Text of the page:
Picture this, you’re still in your undergrad classes, taking notes and trying to get a good grade on all your assignments. The professors are already warning you how hard it will be to get into grad school. You see the other students in the room as your competition, not not as the peers who you will one day be working in the field with. Like the jungle, each time tests were handed back you could cut the tension in the room with a knife. From the very beginning of your SLP journey, you have put up barriers to make sure you get to accomplish your goals.
Now you might have the personal experience or a friend’s story of the professor who told them they wouldn’t make it in the field. The supervisor who made a comment on what you wore to the clinic, or how they would have done something complete different with a client. You start off your therapeutic career often with lots of scrutiny and second guessing everything you do with clients. For some that helps shape them into amazing therapist, but for others that adds a life long toll of seconded guessing their individual therapy techniques.
Undergrad and gradstudents are fresh and excited and just what our field needs. They need to know that what we do isn’t cookie cutter, and we are excited to support their strengths when they join our field. Help push away the negativity, and loneliness that our undergrad and graduate programs sometimes create (even if it’s unintentional).
Practicing SLPs and SLPAs we need to work harder on realizing we are not alone, and we can lean on each other to create a network of support and change. You may be the only one in your building, district, office, nursing home, or hospital, but that doesn’t mean you have no one in your corner. It’s ok to do therapy different than others, it’s ok to ask for help, it’s ok to not always know the immediate answer.
I challenge everyone to take the CUEs needed to become a mentor for future SLPs and CFs. To reach out to those via social media, snail mail, conventions and repair some of those competitive feelings that may impact your willingness to find support today. Hopefully our schooling can make some change by allowing more students in graduate programs in order to increase acceptance into our field. Either way, the little things you can do to help go a long way.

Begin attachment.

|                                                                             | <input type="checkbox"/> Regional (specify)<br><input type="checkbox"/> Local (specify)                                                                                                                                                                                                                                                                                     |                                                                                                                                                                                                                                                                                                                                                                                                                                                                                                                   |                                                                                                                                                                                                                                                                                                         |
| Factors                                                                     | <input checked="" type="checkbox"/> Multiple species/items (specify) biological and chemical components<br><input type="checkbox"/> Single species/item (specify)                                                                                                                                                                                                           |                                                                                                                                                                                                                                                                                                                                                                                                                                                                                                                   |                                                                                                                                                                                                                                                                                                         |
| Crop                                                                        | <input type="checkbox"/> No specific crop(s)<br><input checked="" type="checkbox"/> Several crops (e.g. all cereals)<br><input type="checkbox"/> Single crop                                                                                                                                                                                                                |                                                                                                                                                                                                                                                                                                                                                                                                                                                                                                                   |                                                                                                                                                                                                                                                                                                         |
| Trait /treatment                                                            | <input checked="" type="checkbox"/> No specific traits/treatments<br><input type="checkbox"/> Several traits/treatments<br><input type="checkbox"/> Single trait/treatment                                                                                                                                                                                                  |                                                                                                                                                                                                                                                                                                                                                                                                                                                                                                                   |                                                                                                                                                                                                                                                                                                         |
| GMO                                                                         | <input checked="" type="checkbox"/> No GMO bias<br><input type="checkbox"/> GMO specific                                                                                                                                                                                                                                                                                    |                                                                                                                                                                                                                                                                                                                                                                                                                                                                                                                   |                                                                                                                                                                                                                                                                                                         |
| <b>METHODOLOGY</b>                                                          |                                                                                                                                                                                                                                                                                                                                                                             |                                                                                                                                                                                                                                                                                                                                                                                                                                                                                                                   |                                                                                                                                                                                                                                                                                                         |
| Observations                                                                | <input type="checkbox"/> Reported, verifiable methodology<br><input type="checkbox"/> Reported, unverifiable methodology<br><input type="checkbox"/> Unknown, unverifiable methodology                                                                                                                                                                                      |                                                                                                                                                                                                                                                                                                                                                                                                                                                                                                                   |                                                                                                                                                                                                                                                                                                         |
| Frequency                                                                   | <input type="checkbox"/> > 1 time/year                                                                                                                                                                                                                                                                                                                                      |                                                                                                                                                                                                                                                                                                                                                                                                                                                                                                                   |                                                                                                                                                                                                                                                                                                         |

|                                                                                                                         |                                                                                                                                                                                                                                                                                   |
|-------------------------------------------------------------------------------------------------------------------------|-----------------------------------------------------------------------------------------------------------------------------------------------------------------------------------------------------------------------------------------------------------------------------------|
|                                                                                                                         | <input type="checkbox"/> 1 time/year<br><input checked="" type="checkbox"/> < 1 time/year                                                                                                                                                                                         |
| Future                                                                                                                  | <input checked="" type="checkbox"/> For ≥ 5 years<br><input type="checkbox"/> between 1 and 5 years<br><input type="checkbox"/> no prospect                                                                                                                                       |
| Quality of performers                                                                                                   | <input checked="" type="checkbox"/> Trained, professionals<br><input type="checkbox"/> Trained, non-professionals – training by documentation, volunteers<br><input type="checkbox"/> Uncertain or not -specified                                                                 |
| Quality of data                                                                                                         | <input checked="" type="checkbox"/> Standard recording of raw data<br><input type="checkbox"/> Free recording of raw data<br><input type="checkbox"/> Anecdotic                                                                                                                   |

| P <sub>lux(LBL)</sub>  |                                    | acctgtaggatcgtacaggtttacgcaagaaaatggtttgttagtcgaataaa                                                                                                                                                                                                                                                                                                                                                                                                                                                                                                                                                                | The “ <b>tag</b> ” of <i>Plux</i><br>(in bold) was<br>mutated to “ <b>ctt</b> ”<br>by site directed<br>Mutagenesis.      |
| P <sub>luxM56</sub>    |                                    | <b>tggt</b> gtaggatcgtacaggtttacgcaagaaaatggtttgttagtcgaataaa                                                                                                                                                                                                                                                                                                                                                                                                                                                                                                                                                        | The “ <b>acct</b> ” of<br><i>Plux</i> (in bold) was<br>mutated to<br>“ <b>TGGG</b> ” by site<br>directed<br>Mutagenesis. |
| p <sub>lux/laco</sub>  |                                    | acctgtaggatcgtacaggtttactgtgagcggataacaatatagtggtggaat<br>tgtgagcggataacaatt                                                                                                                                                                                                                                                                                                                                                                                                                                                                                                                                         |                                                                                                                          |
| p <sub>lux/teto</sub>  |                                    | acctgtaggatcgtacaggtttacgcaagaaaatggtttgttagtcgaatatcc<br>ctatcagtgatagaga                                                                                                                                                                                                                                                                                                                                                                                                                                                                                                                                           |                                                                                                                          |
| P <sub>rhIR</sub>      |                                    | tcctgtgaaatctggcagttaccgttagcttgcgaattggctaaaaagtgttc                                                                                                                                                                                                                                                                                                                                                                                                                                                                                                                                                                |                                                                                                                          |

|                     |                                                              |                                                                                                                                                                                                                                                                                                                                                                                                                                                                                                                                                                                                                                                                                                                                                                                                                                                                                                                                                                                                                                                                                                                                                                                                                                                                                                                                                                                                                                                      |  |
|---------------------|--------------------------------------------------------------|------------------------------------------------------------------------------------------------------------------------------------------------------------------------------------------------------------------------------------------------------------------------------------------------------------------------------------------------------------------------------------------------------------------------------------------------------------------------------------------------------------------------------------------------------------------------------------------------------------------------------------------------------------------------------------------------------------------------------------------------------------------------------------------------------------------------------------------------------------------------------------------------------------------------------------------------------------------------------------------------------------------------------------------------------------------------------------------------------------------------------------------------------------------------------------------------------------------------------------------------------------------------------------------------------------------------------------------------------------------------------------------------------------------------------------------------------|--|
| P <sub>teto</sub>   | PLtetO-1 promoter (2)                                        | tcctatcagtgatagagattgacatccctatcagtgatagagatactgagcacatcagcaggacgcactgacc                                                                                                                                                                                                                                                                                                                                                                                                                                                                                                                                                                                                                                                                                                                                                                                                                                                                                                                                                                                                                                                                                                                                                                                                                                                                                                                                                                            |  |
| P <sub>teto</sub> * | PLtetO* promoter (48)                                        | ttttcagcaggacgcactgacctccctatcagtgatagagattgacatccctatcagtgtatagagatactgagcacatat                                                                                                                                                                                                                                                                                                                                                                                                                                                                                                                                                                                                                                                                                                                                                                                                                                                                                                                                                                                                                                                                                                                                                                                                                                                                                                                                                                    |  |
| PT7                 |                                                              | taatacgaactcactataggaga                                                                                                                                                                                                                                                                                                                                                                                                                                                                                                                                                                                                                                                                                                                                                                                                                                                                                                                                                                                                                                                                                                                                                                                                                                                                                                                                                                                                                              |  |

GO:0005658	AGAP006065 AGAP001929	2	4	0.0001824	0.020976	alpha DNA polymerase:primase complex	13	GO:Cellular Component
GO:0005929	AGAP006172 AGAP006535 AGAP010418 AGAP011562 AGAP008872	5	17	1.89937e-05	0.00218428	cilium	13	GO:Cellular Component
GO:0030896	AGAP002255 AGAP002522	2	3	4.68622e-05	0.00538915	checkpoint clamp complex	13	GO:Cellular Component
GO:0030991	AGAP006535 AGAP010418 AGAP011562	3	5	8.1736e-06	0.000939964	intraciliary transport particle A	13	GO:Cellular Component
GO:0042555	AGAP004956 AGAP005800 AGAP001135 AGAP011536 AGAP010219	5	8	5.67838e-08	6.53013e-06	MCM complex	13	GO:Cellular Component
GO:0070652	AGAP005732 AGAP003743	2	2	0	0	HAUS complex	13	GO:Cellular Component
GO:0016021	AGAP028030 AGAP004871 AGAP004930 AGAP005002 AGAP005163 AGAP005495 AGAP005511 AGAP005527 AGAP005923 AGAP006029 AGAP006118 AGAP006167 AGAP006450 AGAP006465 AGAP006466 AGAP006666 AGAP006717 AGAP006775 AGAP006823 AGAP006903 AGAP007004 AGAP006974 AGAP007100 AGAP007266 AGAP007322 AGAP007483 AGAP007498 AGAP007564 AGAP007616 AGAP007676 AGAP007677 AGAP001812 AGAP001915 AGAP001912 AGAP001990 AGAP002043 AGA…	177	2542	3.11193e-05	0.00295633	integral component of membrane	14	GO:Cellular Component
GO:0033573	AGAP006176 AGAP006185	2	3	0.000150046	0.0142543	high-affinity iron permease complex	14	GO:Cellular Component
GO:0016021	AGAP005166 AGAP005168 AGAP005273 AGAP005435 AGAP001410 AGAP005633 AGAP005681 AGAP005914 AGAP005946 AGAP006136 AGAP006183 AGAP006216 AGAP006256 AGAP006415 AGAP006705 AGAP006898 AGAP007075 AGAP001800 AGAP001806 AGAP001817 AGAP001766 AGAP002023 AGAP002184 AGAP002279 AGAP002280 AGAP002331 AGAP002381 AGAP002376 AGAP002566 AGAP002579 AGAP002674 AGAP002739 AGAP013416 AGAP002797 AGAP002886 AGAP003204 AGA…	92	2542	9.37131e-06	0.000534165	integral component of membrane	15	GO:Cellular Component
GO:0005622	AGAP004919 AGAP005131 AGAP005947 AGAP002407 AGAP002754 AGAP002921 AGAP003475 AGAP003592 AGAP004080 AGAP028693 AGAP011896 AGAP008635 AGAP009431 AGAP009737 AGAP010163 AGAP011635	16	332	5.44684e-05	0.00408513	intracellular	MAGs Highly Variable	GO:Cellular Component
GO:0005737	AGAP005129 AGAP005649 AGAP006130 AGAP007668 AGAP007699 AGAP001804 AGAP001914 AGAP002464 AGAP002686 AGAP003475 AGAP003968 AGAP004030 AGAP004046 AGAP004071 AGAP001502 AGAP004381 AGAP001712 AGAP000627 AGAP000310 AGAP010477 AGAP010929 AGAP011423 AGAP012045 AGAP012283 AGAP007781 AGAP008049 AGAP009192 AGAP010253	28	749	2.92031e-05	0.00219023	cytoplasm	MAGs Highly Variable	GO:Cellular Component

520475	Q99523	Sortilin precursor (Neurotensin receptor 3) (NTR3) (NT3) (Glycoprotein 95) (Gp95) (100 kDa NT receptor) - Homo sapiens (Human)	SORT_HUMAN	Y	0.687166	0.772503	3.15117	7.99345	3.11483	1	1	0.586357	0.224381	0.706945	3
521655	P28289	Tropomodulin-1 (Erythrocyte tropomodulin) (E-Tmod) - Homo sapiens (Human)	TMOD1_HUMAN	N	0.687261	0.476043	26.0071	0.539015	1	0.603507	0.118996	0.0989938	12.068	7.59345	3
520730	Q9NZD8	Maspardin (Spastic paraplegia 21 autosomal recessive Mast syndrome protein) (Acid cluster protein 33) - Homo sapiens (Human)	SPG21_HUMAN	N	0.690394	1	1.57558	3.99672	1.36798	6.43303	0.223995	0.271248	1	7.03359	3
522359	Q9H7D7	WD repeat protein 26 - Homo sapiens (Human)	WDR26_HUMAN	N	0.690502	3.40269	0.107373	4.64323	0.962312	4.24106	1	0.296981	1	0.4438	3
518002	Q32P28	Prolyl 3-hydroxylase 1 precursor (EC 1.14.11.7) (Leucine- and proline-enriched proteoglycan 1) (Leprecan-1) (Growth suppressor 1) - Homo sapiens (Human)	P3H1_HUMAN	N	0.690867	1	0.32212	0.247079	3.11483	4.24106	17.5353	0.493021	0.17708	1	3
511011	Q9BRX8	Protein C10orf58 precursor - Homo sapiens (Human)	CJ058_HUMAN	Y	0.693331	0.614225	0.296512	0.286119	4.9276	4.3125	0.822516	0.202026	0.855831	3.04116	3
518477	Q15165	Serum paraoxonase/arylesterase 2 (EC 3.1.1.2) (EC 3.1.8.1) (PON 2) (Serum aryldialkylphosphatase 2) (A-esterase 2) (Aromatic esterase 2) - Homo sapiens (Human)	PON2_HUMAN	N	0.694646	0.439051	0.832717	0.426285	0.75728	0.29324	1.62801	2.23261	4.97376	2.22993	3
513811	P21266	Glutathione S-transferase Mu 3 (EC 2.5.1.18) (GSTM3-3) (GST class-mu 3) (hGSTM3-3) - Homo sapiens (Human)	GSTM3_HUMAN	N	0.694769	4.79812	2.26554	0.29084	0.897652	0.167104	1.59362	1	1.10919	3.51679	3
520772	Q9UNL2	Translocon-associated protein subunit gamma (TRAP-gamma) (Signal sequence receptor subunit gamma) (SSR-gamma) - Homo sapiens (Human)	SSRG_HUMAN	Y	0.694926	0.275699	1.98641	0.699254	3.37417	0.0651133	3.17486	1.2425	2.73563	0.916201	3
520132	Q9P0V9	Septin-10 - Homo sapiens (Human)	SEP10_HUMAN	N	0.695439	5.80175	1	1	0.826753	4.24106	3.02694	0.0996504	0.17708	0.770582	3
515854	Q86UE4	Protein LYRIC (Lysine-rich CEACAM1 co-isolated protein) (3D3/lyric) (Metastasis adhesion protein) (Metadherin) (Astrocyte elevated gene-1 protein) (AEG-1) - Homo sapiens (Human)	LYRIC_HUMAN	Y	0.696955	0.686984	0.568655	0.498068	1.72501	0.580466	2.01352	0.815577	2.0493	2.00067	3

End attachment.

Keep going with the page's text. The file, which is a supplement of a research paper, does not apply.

IEPs. The thing they never really prepare you for in college, but takes up a third of your time. Whether it’s writing goal updates, summarizing present levels, determining minutes, or sitting through heated discussions, IEPs are a fact of life in the SPED world.
In school you were taught how to write goals using SMART (specific, measurable, achievable, relevant, time-bound) or ABCD (audience, behavior, condition, duration). You probably even wrote several evaluation reports and SOAP notes. You learned the basic of an IEP and possibly how your role looks in the ideal team. It seemed easy enough.
Well, I quickly learned I was nowhere near as confident or prepared in my early IEPs as I thought I would be. It’s nerve-racking walking into a new school as a CF, and being the expert for the first time on a student you may barely even know. Parents turn to you to answer why progress is or is not being made. Teachers want to know how to help “Johnny” in the classroom. Your principal may be in the room, and you want to appear as if you know what you are doing.
Here’s the big thing… you do know what you are doing. Be confident that you learned something during your 6 years of education. It’s ok not to know the answer, but it is not ok to make up the answer. You can always offer handouts to parents and teachers if they want more information. Slowly you will gain that confidence to speak up for each student. May the paperwork seem like a lot? Yes, but over time you will find a system that works for YOU! You’re going to have that meeting where you second guess your decisions, and other meetings where you are so excited for the student and their progress.
Below are some helpful hints and resources that really set me on the right path. Be confident, you can do this!
Read the student’s most recent IEP and/or Eval report.
Set deadlines for yourself ahead of what your district expects.
Ask your mentor to read over your first few IEP reports.
Invite your mentor to a few meetings the first semester. It never hurts to have a sidekick! They aren’t there to judge you.
Bring notes in the meeting. You may blank because of nerves, and this is the main time to express concerns.
Sign up for Speechy Musings‘ blog to get her bell curve chart. This has helped me on many occasions!
Start a goal bank of most used goals so you don’t have to keep reinventing the wheel.
Now do I still have IEPs where I don’t know the answer or I’m nervous for? Of course! You will have those difficult meetings, and that’s ok. Will you get forgotten about sometimes since you may be a related area and not primary? Yes, but keep communication between teachers open. Each meeting and report will get easier. Share your newbie IEP tips in the comments!